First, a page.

B.C. tax cuts help ease high-tech recruitment, experts say

Tax cuts for high-income earners have made it much easier for British Columbia’s high-tech industries to attract qualified staff, according to George Hunter, the president of Leading Edge BC, a non-profit marketing and investment attraction organization.

“The government has made a number of significant changes going way back,” Hunter said in an interview. “All of these have contributed to a bettering of the environment for technology, and in fact industry generally.”

While the previous NDP government took some positive steps, the 25 percent cut in personal income taxes introduced soon after the B.C. Liberals took office in 2001 was important, Hunter added: “That was really a direct response to a real concern that existed in the technology sector that our tax rates were inhibiting our ability to attract highly qualified people from outside the province.”

“Since that time, we’ve seen a dramatic increase in the ability of our companies to recruit executives from outside of the province,” he said. “Before, it was almost a rule of thumb in industry that there was no way you could get anyone from the States to come to B.C.”

Hunter was commenting following the release earlier this month of Input Indicators of the British Columbia High Technology Sector, produced jointly by Leading Edge BC and BC Stats, the provincial government’s central statistical agency.

It reports that the average total taxes paid by a single, unattached B.C. individual earning $80,000 averaged $22,065 last year, the lowest level in Canada. (This figure includes all federal and provincial income taxes, as well as health-care premiums and GST.)

This is a sharp reduction from the $28,782 such an individual would have paid in 1995.

In 2005, a similar individual in Alberta paid $22,212, while an Ontarian paid $25,667 and a Quebecois $32,741.

Hunter added that a new government program providing a 30 per cent provincial tax credit for technology investments has also proved a boon.

“That has spawned a huge revival in early-stage companies.” Hunter said. “The provincial government’s done a pretty good job over the years of continuing to improve the environment for technology here.”

Hunter said some human resources problems remain, especially in IT.

He cited his personal rule of thumb.

“When times are bad, money’s the issue, and when times are good, people are the issue,” he said. “And in the present time, we’re in a period of resurgence. People are the big challenge.”

Caroline Lewko, the president and chair of the Wireless Innovation Network of British Columbia, is upbeat about the state of her part of the high tech industry.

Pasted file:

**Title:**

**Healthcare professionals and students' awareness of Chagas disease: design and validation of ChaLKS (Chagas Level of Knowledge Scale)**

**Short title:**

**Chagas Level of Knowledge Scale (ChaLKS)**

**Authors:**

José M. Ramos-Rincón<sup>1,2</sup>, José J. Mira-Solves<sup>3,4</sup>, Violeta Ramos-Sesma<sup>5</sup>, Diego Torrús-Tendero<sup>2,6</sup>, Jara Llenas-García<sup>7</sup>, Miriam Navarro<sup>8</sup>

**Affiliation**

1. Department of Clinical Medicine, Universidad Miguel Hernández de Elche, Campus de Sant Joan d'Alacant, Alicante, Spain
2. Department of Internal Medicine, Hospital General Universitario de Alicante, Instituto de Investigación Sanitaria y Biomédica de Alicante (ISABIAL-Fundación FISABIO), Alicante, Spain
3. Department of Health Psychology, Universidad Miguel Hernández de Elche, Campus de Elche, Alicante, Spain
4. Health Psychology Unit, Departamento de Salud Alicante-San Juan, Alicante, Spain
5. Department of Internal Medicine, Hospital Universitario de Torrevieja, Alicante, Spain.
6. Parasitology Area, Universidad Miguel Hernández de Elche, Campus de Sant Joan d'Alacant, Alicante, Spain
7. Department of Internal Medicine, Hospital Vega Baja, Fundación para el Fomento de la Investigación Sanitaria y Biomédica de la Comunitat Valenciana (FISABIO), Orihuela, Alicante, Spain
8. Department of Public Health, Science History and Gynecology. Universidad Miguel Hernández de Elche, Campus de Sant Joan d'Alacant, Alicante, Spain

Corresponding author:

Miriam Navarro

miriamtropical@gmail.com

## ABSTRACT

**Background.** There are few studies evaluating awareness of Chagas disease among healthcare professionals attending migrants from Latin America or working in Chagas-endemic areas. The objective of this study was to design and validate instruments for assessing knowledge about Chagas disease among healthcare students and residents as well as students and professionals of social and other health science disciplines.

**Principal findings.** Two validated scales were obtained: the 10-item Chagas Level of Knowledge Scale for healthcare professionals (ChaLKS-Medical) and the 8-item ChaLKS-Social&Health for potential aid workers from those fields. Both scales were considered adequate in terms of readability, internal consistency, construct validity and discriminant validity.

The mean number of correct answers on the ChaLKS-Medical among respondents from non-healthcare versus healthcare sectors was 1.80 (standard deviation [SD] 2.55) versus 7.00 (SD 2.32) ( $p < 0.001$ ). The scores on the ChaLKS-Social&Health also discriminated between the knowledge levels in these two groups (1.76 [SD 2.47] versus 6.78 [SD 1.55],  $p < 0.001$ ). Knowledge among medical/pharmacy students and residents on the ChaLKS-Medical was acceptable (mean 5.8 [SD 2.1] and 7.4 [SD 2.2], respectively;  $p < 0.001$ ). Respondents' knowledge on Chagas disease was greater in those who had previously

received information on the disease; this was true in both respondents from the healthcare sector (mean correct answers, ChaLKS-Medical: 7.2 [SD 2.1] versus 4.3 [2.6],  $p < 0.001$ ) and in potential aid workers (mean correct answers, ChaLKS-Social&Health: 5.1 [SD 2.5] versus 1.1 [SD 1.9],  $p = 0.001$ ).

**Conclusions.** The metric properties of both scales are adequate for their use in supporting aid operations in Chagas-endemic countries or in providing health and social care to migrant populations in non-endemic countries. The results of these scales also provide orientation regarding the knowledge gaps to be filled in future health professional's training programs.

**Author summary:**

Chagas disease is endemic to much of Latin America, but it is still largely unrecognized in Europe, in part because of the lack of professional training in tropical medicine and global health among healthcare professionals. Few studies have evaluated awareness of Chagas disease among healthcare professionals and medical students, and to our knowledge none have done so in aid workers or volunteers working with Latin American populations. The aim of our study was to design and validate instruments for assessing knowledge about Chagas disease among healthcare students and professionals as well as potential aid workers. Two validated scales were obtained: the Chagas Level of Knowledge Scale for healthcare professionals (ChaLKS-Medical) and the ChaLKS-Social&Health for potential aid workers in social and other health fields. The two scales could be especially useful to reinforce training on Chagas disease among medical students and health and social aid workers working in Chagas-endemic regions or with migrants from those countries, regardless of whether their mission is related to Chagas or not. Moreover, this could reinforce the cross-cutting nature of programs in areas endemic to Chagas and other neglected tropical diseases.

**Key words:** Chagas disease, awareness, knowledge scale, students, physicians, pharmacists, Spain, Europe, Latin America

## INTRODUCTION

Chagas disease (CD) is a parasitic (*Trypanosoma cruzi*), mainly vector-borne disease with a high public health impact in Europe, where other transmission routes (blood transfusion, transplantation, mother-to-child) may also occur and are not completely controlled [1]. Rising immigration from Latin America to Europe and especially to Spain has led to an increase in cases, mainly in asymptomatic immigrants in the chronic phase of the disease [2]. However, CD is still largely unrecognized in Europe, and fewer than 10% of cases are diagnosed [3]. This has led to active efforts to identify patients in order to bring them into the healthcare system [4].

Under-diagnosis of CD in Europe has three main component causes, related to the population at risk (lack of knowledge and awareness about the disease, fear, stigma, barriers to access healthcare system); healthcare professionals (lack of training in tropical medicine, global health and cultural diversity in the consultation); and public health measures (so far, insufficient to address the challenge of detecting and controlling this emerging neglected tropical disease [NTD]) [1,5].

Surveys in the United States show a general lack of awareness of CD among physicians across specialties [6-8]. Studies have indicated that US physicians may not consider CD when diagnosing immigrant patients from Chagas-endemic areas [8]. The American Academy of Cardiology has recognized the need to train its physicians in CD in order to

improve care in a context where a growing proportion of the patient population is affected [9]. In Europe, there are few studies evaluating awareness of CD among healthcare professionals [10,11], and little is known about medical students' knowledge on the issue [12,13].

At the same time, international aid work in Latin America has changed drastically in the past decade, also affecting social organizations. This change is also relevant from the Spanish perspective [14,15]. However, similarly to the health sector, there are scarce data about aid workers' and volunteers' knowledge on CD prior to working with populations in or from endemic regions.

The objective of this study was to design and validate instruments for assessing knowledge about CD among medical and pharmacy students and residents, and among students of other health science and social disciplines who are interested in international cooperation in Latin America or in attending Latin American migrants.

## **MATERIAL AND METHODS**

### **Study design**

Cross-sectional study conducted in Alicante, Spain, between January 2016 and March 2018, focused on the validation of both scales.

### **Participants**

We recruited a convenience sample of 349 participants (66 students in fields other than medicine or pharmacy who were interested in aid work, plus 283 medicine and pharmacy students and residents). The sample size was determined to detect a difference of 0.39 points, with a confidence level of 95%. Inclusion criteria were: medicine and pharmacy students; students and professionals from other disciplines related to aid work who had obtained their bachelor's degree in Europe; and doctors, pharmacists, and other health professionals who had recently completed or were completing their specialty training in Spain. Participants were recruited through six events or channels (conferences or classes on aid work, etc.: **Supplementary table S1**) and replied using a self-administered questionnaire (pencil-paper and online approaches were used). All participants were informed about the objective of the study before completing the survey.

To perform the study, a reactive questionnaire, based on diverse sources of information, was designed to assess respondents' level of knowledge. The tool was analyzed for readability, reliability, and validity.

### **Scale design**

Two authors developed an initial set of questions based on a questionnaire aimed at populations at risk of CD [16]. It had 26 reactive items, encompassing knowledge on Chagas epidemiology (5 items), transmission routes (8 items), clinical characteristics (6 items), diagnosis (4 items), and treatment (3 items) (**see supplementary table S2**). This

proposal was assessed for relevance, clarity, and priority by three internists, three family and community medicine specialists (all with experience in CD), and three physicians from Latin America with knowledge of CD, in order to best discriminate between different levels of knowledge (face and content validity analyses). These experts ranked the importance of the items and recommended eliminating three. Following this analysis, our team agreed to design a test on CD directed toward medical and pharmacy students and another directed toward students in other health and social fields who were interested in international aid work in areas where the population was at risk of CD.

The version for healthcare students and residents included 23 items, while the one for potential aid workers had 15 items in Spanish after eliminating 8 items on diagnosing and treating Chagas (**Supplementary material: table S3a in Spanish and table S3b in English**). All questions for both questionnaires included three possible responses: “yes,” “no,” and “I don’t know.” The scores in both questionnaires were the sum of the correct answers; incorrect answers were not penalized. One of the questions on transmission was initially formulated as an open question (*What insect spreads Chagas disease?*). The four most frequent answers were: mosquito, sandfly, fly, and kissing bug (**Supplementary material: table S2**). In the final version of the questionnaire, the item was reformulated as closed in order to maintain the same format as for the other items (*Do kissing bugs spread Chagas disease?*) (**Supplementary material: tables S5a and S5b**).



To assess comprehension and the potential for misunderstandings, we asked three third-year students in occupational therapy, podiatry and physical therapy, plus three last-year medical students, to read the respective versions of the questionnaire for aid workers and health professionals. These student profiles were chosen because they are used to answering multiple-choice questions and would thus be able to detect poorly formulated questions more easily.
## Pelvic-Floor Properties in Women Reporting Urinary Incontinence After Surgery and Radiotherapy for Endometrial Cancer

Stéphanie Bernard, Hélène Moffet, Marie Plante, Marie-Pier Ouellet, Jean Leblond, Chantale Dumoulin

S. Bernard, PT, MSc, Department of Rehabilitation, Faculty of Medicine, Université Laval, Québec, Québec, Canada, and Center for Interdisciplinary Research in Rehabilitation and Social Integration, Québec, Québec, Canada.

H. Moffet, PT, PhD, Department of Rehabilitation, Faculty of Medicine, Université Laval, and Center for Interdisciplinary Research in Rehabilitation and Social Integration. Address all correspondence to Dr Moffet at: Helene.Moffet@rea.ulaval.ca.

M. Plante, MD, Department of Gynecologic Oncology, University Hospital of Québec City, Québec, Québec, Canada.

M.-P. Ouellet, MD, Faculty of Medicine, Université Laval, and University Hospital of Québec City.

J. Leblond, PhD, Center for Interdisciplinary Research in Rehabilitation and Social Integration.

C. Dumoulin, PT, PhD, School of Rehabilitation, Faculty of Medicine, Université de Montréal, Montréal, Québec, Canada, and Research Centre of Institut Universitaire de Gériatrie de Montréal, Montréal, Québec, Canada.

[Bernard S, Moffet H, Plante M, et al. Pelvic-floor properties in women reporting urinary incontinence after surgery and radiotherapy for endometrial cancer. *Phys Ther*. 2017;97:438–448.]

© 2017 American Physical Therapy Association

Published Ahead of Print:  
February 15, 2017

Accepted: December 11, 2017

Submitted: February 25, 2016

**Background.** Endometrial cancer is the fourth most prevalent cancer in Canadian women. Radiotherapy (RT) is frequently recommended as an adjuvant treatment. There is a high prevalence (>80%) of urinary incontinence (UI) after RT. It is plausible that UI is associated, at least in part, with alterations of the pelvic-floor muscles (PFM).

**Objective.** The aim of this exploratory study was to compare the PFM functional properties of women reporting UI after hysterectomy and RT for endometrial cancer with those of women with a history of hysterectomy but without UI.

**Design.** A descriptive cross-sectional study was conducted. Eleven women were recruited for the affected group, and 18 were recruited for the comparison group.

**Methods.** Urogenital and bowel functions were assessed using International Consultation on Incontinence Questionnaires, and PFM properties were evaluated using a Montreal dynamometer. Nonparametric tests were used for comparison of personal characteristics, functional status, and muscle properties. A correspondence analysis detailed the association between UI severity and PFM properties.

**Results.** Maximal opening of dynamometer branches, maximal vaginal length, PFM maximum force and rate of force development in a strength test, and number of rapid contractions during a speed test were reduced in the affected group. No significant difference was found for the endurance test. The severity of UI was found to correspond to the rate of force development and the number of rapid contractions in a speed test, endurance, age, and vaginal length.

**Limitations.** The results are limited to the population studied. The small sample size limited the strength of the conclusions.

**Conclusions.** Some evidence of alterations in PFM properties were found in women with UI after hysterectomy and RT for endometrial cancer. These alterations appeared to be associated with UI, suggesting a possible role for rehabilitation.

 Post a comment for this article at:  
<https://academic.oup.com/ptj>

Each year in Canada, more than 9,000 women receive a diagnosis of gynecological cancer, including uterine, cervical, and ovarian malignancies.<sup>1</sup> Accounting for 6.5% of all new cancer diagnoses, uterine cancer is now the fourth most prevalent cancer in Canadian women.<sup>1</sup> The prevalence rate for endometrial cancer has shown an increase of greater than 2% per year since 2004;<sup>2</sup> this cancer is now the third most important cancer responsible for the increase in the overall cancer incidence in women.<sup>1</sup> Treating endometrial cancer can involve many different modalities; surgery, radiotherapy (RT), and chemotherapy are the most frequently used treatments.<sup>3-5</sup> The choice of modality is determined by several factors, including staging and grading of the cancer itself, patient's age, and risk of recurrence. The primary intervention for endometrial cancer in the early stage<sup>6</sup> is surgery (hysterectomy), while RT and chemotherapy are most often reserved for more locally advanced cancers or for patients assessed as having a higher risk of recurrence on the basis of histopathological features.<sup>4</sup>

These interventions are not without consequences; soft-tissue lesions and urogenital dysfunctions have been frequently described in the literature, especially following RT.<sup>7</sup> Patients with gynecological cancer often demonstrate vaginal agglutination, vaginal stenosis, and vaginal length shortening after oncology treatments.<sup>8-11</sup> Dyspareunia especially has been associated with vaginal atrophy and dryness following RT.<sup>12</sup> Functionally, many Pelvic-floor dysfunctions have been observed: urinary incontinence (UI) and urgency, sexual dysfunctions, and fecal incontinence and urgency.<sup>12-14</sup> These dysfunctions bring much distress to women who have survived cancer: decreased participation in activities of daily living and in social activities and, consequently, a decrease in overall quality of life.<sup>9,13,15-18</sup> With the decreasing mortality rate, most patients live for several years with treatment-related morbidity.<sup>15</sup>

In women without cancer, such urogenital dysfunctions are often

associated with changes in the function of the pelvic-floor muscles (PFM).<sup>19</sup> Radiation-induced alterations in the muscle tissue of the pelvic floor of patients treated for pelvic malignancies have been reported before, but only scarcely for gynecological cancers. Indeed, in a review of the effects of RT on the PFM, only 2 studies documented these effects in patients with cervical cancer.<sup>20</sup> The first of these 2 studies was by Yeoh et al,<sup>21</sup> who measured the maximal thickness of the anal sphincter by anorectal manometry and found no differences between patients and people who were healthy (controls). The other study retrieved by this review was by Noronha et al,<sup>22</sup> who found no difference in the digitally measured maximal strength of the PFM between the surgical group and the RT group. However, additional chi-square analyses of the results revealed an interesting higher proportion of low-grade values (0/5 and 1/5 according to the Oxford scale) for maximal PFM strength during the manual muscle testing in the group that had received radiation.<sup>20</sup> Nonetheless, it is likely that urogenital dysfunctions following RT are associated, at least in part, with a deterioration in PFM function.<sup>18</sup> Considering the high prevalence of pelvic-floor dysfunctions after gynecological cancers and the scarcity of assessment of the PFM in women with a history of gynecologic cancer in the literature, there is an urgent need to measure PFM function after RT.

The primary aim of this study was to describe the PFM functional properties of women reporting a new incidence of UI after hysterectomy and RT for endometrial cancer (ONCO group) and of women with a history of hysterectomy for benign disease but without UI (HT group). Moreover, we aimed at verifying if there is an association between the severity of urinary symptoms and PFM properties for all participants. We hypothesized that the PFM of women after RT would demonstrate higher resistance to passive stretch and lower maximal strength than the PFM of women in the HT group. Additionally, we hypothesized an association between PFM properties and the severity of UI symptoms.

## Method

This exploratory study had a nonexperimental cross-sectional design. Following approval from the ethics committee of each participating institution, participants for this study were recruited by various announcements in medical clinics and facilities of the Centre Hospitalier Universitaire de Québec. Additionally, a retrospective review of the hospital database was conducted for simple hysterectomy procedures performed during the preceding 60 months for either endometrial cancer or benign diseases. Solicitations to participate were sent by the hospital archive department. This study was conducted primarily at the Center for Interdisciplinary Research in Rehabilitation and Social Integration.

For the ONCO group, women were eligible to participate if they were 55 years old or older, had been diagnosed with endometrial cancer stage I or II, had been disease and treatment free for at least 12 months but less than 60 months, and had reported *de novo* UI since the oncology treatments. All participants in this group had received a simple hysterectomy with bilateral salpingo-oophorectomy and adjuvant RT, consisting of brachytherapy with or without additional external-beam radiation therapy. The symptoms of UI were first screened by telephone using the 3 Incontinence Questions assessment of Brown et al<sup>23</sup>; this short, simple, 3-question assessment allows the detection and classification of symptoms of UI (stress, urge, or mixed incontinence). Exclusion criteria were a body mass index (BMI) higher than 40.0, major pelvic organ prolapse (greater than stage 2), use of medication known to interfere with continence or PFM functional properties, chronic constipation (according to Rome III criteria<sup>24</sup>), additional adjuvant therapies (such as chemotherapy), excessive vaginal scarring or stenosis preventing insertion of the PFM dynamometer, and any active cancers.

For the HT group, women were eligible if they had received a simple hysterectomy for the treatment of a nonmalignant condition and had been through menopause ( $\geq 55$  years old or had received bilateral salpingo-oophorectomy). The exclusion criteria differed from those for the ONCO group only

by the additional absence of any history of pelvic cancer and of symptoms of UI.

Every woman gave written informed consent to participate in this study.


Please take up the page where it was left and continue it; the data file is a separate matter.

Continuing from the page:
“We’re smoking,” said Lewko.

While part of the boom is related to the state of the worldwide wireless industry, there are also local factors.

“It’s a process of where the wireless sector is in general, but a lot of our companies started when mobility wasn’t as big a buzz word as it is now,” Lewko said. “Our companies are actually making money now–that’s pretty exciting.”

The one change in government policy she’d like to see is that tax credits for research and development no longer be restricted to B.C- or Canadian-owned companies.

“That would make a huge difference.”

This would be particularly valuable during the present high level of merger and acquisition, as an inducement to keep more R&D activity in the province, she said.

The report also says that B.C. leads other provinces in terms of small businesses selling online. In 2005, 24 percent sold their goods or services online, considerably higher than in other provinces.

In addition, 46 percent of B.C. small businesses maintained a website, the same rate as Ontario. In comparison, 42 percent of Alberta businesses and 30 percent of those in Quebec did so.

According to the report, the University of B.C. now leads the other nine top Canadian research universities in technology licensing, with a gross income of $13.7 million in 2003-the last year for which figures are available. Second was Queen’s University, with $4.9 million in 2003.

Other input indicators provide a mixed message, according to the report. For instance, while venture capital investment is above the average for Canadian provinces, the business performance of R & D lagged the Canadian average. As well, the acceptance rate for B.C. patent applications was below average.

During 2001-2003, fewer than one in four B.C. applications resulted in the issuing of patents.

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